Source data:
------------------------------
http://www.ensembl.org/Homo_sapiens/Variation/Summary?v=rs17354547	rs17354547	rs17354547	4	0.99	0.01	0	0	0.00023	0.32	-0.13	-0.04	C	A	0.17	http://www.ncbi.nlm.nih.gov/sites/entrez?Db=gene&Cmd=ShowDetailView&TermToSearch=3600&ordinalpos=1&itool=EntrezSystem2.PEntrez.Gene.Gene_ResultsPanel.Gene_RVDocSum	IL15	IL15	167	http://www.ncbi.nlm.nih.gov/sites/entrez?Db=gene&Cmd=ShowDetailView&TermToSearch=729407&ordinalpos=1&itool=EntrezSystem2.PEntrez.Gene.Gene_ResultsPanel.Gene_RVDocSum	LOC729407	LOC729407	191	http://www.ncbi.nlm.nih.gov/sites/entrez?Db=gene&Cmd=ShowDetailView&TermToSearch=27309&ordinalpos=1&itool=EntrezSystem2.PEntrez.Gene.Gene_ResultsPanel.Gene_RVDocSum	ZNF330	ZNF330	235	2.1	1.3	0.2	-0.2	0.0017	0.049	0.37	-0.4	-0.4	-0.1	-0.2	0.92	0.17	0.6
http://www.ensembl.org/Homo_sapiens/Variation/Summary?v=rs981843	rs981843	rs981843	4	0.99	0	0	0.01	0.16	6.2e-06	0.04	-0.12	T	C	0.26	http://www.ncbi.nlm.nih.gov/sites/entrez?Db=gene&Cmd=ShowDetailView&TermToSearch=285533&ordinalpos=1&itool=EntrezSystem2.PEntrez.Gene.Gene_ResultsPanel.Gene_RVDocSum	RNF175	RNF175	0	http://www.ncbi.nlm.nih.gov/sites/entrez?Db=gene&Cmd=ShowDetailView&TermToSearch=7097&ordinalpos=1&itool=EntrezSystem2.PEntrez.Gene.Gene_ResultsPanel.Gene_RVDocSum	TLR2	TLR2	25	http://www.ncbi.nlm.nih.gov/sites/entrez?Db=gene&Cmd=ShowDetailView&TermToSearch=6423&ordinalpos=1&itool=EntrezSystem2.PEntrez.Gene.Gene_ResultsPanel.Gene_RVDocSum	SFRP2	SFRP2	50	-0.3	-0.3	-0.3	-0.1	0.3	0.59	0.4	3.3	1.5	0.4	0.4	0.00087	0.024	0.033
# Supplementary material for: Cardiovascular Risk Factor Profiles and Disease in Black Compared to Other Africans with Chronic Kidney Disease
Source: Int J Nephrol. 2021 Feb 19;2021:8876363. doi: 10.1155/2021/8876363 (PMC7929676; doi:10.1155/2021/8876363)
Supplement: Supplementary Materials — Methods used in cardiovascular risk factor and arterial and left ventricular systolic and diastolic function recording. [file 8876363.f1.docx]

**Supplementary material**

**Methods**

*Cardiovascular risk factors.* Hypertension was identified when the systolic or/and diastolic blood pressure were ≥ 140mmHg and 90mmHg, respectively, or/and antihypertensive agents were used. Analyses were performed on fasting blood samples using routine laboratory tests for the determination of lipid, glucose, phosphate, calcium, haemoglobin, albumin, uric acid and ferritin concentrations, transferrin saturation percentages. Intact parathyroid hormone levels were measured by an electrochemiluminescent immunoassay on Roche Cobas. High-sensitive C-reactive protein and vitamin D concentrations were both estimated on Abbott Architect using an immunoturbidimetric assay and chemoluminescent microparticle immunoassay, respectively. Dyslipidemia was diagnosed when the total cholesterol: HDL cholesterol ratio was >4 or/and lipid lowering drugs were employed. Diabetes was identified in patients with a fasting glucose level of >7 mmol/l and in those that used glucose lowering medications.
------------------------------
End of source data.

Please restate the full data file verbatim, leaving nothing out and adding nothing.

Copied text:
http://www.ensembl.org/Homo_sapiens/Variation/Summary?v=rs17354547	rs17354547	rs17354547	4	0.99	0.01	0	0	0.00023	0.32	-0.13	-0.04	C	A	0.17	http://www.ncbi.nlm.nih.gov/sites/entrez?Db=gene&Cmd=ShowDetailView&TermToSearch=3600&ordinalpos=1&itool=EntrezSystem2.PEntrez.Gene.Gene_ResultsPanel.Gene_RVDocSum	IL15	IL15	167	http://www.ncbi.nlm.nih.gov/sites/entrez?Db=gene&Cmd=ShowDetailView&TermToSearch=729407&ordinalpos=1&itool=EntrezSystem2.PEntrez.Gene.Gene_ResultsPanel.Gene_RVDocSum	LOC729407	LOC729407	191	http://www.ncbi.nlm.nih.gov/sites/entrez?Db=gene&Cmd=ShowDetailView&TermToSearch=27309&ordinalpos=1&itool=EntrezSystem2.PEntrez.Gene.Gene_ResultsPanel.Gene_RVDocSum	ZNF330	ZNF330	235	2.1	1.3	0.2	-0.2	0.0017	0.049	0.37	-0.4	-0.4	-0.1	-0.2	0.92	0.17	0.6
http://www.ensembl.org/Homo_sapiens/Variation/Summary?v=rs981843	rs981843	rs981843	4	0.99	0	0	0.01	0.16	6.2e-06	0.04	-0.12	T	C	0.26	http://www.ncbi.nlm.nih.gov/sites/entrez?Db=gene&Cmd=ShowDetailView&TermToSearch=285533&ordinalpos=1&itool=EntrezSystem2.PEntrez.Gene.Gene_ResultsPanel.Gene_RVDocSum	RNF175	RNF175	0	http://www.ncbi.nlm.nih.gov/sites/entrez?Db=gene&Cmd=ShowDetailView&TermToSearch=7097&ordinalpos=1&itool=EntrezSystem2.PEntrez.Gene.Gene_ResultsPanel.Gene_RVDocSum	TLR2	TLR2	25	http://www.ncbi.nlm.nih.gov/sites/entrez?Db=gene&Cmd=ShowDetailView&TermToSearch=6423&ordinalpos=1&itool=EntrezSystem2.PEntrez.Gene.Gene_ResultsPanel.Gene_RVDocSum	SFRP2	SFRP2	50	-0.3	-0.3	-0.3	-0.1	0.3	0.59	0.4	3.3	1.5	0.4	0.4	0.00087	0.024	0.033
# Supplementary material for: Cardiovascular Risk Factor Profiles and Disease in Black Compared to Other Africans with Chronic Kidney Disease
Source: Int J Nephrol. 2021 Feb 19;2021:8876363. doi: 10.1155/2021/8876363 (PMC7929676; doi:10.1155/2021/8876363)
Supplement: Supplementary Materials — Methods used in cardiovascular risk factor and arterial and left ventricular systolic and diastolic function recording. [file 8876363.f1.docx]

**Supplementary material**

**Methods**

*Cardiovascular risk factors.* Hypertension was identified when the systolic or/and diastolic blood pressure were ≥ 140mmHg and 90mmHg, respectively, or/and antihypertensive agents were used. Analyses were performed on fasting blood samples using routine laboratory tests for the determination of lipid, glucose, phosphate, calcium, haemoglobin, albumin, uric acid and ferritin concentrations, transferrin saturation percentages. Intact parathyroid hormone levels were measured by an electrochemiluminescent immunoassay on Roche Cobas. High-sensitive C-reactive protein and vitamin D concentrations were both estimated on Abbott Architect using an immunoturbidimetric assay and chemoluminescent microparticle immunoassay, respectively. Dyslipidemia was diagnosed when the total cholesterol: HDL cholesterol ratio was >4 or/and lipid lowering drugs were employed. Diabetes was identified in patients with a fasting glucose level of >7 mmol/l and in those that used glucose lowering medications.